One of the best investment decisions money manager Katherine Owen made over the past year was getting back into the energy sector.
The portfolio manager at Mackenzie Investments in Toronto says the team she works with sold out of energy in early 2020, just before prices started to drop amid the global pandemic lockdowns that dried up demand for oil and gas. The team started buying energy names again last year, believing the industry was well-positioned – following years of streamlining – to reap huge profits from the latest rebound.
It wasn’t just a call on consumers and companies using more oil and gas as they resumed prepandemic activities, but also a belief on the sector growing despite the rise in renewable energy.
“We think the death of the fossil-fuel industry has been overstated; we are going to need fossil fuels for a very long time, and we believe demand is going to continue to grow,” says Ms. Owen, who helps oversee about $11-billion in assets with the global equity and income team at Mackenzie Investments, including the $4-billion Mackenzie Global Dividend Fund, led by Darren McKiernan.
While there is a risk that energy demand will drop again if a more severe economic downturn comes, Ms. Owen believes it will be short-lived.
“We think energy companies are going to be in an attractive position and aren’t being fully valued by the market today,” she says.
The Mackenzie Global Dividend Fund also has positions in sectors such as technology (16 per cent), financials (18 per cent, which includes exchanges and data analytics companies), health care (15 per cent) and consumer staples (12 per cent). Some of those top holdings include Microsoft Corp. MSFT-Q, Deutsche Boerse DBOEY, Johnson & Johnson JNJ-N and Nestlé NSRGY.
The fund is down 8.6 per cent, in Canadian dollars, over the past year as of Sept. 30. That compares with a drop of 12.2 per cent for the benchmark MSCI World Index over the same period. Both results are based on total returns.
Ms. Owen says dividend-paying companies such as they own in the fund will become even more important in the months and years ahead, even amid market volatility.
“We believe that owning quality companies that can pay rising dividends is going to be a good place to be, not only for income but also to protect the purchasing power in times of inflation,” she says.
The Globe and Mail recently spoke to Ms. Owen about what she has been buying and selling.
Describe your investing style.
We are stock pickers. We identify high-quality companies with attractive and durable business models. We have what I call a fishing pond of about 400 of those companies that we use to build our portfolio. We also ensure the fund is properly diversified. We don’t want to be overly concentrated in one region or sector. We are very flexible in our approach and agnostic in our investment style. We don’t characterize it as value or growth. We look for the best businesses with the most attractive risk-return.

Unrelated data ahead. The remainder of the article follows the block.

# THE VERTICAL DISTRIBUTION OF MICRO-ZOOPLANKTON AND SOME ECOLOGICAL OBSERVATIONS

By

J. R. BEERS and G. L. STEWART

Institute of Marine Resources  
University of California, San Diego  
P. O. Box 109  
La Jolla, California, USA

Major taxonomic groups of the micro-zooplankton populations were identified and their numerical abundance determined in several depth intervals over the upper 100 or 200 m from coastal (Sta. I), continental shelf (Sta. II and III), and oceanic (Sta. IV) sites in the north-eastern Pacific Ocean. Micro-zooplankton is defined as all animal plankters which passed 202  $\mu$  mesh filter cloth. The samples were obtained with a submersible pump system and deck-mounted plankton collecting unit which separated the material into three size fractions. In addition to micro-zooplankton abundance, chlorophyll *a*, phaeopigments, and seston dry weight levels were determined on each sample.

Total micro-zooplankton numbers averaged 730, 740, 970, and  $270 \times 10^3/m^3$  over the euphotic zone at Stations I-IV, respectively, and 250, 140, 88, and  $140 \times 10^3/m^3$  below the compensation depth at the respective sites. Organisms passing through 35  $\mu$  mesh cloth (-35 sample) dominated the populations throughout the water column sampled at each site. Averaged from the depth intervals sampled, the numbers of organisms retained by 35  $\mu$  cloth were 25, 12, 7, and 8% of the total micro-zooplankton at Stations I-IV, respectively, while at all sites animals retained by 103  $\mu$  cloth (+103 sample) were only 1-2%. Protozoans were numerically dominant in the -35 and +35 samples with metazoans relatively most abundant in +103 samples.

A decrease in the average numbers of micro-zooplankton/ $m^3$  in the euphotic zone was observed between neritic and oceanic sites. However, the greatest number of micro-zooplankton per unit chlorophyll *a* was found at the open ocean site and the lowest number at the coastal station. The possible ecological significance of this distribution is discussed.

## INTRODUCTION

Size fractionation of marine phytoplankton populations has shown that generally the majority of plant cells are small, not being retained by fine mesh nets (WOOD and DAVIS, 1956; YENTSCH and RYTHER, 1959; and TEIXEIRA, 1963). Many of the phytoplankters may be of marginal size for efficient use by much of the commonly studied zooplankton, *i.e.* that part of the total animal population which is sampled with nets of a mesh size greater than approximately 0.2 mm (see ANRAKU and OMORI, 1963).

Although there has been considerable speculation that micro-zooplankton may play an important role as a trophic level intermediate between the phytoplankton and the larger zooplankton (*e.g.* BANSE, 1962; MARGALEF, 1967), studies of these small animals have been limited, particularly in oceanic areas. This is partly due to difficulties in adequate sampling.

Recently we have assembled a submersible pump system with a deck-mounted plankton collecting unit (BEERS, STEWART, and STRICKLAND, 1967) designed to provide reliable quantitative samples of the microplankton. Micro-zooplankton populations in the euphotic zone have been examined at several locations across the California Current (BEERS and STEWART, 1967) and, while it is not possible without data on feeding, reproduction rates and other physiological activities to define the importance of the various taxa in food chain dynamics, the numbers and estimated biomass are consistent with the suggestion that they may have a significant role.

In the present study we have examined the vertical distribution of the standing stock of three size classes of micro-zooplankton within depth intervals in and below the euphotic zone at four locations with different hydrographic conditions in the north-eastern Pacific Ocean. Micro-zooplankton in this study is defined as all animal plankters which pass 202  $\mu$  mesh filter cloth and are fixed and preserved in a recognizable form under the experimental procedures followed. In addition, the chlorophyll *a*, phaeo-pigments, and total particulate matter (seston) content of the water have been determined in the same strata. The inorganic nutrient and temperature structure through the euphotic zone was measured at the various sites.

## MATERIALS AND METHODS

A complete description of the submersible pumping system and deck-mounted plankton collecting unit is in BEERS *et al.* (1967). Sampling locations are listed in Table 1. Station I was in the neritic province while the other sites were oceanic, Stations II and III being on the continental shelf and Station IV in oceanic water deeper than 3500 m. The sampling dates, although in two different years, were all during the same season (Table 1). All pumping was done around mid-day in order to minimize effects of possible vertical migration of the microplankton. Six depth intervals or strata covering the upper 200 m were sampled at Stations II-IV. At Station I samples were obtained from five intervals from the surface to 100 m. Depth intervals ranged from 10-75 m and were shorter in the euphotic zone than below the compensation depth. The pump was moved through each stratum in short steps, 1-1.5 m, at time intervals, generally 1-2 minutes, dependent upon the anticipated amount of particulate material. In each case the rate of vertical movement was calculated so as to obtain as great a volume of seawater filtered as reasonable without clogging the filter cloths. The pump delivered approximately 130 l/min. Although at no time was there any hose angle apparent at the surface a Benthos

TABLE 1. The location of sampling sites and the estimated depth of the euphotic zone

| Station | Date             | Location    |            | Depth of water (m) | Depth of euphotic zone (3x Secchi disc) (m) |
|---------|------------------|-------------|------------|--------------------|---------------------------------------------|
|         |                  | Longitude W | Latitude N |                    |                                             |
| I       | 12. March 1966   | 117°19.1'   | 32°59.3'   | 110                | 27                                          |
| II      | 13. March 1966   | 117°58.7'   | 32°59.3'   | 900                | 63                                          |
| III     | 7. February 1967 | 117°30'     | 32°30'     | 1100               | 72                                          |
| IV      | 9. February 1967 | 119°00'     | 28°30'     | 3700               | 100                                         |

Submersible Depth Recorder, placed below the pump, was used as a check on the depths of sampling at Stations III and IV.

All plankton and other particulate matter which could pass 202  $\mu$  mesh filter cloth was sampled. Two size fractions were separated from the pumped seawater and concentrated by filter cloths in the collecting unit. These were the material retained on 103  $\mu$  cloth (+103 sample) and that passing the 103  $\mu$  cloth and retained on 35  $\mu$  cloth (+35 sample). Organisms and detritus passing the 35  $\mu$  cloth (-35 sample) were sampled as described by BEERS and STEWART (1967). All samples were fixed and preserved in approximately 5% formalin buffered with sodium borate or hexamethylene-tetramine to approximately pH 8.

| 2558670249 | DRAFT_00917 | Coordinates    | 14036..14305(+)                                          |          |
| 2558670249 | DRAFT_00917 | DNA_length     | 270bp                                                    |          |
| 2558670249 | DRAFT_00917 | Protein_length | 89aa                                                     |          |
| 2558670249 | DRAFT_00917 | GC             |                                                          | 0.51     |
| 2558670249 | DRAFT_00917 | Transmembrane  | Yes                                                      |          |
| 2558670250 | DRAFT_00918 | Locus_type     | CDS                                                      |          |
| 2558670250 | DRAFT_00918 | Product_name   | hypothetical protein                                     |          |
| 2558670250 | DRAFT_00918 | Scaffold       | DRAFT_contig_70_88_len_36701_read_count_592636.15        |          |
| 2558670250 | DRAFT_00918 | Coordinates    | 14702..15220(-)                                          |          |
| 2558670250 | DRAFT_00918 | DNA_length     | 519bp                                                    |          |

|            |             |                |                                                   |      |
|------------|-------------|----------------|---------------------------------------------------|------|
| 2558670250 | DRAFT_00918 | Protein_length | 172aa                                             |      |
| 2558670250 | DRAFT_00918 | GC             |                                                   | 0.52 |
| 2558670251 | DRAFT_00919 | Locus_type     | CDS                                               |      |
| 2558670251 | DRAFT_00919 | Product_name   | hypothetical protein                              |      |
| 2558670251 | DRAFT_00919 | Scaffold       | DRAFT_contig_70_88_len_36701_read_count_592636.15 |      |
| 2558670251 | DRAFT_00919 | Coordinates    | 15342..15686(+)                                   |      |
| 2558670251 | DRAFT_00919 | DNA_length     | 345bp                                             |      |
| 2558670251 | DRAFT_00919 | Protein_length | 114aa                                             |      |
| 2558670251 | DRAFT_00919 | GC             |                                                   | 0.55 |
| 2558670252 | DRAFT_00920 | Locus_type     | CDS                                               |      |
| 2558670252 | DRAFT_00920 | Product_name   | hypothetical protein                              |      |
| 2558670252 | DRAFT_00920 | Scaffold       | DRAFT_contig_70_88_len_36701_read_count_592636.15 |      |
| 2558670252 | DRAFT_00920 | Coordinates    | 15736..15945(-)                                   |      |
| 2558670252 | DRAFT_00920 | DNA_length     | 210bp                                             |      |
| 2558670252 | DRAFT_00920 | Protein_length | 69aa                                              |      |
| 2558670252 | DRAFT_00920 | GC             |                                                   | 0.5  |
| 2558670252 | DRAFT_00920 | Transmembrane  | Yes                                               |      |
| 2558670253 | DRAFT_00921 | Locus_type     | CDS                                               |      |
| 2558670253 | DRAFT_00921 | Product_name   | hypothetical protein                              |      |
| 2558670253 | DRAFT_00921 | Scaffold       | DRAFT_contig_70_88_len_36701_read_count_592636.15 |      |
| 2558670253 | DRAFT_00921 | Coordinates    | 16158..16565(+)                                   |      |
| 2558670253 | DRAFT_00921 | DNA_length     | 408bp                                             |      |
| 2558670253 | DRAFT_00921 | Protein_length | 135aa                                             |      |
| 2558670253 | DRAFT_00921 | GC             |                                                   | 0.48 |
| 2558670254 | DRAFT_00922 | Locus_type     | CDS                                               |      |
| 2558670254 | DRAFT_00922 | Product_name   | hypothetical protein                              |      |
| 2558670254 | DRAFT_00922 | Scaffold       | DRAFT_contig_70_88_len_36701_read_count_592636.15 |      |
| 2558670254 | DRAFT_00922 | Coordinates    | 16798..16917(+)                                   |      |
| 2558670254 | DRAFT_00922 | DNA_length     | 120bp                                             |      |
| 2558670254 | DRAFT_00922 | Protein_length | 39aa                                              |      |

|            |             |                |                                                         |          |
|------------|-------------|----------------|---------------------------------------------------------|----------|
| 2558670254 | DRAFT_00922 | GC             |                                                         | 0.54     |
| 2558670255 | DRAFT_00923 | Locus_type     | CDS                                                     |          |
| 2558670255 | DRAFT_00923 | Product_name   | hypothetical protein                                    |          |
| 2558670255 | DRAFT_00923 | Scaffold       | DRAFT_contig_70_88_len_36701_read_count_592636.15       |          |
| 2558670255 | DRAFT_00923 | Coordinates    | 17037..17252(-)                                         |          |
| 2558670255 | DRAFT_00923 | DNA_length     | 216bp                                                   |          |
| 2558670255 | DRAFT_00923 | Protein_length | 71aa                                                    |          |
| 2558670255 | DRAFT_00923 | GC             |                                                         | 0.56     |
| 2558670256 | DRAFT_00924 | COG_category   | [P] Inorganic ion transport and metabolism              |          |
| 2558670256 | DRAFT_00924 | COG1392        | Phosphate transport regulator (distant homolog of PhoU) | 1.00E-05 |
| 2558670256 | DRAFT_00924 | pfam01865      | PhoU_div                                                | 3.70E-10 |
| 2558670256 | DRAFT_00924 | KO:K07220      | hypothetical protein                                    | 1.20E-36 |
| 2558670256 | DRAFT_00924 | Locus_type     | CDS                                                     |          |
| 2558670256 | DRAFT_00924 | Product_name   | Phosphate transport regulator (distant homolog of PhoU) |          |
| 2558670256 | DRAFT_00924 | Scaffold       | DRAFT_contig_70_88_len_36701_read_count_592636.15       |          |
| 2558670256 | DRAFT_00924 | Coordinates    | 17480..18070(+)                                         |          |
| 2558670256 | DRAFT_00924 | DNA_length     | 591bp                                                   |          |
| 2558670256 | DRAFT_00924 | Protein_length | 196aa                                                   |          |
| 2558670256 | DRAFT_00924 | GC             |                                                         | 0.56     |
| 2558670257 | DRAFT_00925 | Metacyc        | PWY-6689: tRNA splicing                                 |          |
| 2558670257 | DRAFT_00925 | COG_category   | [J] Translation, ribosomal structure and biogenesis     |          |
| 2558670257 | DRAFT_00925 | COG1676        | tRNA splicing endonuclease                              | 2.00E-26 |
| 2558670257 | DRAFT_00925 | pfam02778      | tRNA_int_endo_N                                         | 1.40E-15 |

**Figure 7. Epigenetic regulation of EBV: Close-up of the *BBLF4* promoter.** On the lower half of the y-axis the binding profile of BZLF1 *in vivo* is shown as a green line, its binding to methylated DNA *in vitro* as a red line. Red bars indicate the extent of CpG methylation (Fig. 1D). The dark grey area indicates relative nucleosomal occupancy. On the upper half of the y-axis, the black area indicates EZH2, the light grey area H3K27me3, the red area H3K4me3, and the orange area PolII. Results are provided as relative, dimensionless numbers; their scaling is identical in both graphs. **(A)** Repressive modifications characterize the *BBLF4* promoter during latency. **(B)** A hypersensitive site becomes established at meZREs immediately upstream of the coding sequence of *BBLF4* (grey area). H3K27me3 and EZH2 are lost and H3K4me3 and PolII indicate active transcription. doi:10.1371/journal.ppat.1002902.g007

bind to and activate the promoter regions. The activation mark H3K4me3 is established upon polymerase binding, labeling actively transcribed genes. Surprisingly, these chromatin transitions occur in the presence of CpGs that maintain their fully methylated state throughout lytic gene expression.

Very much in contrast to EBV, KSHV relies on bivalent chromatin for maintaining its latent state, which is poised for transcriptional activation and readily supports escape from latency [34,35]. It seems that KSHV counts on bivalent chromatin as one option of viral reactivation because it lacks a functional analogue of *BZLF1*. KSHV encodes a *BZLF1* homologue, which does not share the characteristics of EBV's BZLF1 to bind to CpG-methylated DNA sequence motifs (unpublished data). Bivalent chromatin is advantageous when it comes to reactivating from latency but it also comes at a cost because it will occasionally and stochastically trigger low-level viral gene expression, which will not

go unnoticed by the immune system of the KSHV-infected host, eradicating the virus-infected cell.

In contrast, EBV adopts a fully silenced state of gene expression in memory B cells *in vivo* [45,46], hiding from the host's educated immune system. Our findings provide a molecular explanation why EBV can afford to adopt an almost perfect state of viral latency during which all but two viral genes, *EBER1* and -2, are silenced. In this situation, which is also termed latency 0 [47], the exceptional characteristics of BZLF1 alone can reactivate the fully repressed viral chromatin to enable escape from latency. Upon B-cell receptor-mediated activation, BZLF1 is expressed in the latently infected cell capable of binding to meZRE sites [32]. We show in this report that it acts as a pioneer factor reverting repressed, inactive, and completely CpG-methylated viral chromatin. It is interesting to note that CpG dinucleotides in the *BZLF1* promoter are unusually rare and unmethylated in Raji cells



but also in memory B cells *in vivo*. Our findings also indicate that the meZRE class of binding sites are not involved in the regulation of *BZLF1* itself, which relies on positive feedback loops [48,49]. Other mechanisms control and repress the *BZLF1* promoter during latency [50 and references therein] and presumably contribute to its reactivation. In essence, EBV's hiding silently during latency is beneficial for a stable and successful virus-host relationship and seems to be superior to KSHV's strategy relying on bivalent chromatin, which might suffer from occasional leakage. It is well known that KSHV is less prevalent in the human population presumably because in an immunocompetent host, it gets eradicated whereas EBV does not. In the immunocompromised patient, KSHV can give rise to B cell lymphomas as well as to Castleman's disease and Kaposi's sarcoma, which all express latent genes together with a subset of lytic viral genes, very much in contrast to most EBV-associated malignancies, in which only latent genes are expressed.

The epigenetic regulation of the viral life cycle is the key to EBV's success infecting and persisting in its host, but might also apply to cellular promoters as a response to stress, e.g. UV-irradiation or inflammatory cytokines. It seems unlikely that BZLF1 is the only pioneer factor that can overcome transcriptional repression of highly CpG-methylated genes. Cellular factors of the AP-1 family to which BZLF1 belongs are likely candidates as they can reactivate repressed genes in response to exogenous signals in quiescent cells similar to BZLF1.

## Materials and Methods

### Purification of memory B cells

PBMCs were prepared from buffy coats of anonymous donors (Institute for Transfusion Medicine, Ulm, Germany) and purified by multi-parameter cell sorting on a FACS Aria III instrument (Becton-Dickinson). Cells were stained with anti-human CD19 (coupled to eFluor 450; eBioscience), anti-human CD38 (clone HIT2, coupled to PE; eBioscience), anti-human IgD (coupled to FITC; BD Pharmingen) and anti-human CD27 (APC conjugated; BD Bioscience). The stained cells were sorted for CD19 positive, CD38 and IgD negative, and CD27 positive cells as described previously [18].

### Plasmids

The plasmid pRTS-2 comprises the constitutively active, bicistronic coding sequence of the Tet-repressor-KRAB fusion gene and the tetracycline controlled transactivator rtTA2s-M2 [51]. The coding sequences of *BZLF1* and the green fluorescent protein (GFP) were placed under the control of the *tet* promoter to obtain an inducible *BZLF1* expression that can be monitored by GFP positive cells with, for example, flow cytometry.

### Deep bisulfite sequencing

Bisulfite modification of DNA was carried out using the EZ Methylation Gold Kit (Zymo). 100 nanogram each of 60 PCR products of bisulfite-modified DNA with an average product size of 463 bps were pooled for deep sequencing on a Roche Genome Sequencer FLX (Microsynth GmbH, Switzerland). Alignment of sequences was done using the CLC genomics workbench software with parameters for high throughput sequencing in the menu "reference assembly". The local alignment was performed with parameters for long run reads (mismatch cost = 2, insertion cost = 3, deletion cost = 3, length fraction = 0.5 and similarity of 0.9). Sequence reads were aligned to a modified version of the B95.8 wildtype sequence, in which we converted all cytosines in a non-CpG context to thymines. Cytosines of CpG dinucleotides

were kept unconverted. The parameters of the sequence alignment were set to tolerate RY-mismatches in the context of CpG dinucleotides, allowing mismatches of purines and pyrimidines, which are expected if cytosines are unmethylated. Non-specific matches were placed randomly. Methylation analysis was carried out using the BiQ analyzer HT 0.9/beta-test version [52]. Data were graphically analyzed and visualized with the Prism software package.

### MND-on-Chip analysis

What’s your current market outlook?
I believe we may be in the midst of a market regime change. What has worked the best over the last 10 years – which was a very growth-driven market with low-interest rates and low inflation – will not necessarily be what will work over the next 10 years. Now we’re in a period where inflation and rates will likely be higher than they have been over the past decade. Also, the economy may not be on as solid a footing as it was over the previous 10 years because we don’t have that massive monetary stimulus from central banks that really supported a robust stock market and economic environment.
What have you been buying?
We’ve maintained or increased our positions in companies and industries that would benefit from higher rates and inflation, including energy, consumer staples and health care. We look to buy leaders in all of these industries. For instance, we bought Chevron, a major integrated company, Marathon, a refiner, and Schlumberger, an oil-services company. We also own Williams Cos. WMB-N, a pipeline company. In health care, we have increased our exposure to companies like AbbVie ABBV-N, probably best known as the maker of Botox, which we see as a very resilient business even amid an economic downturn. We have also been nibbling at some of the major technology names after reducing our exposure last year.
What have you been selling?
Late last year and earlier this year, we reduced our exposure to cyclical companies that benefited from low inflation and low interest rates. For example, one of our largest positions in the fund last year was private equity firm Blackstone Inc. BX-N, which we trimmed considerably. We didn’t sell out because, long-term, it’s a leading company in an industry we want exposure to. But we felt it would have some challenges in the short term. Equifax Inc., the credit-bureau company, was another major holding last year that we lightened up on, given the headwinds from the slowing housing market. Its mortgage business is a big driver of growth for this company.
What investing advice do you give friends and family when they ask?
I tell them how important it is to have a well-diversified portfolio. You don’t want to be overly concentrated in any one stock or sector. Given the regime shift in the market, I also think it’s important that people reassess their asset allocation and ensure they have the right risk exposure for their personal situation.
This interview has been edited and condensed.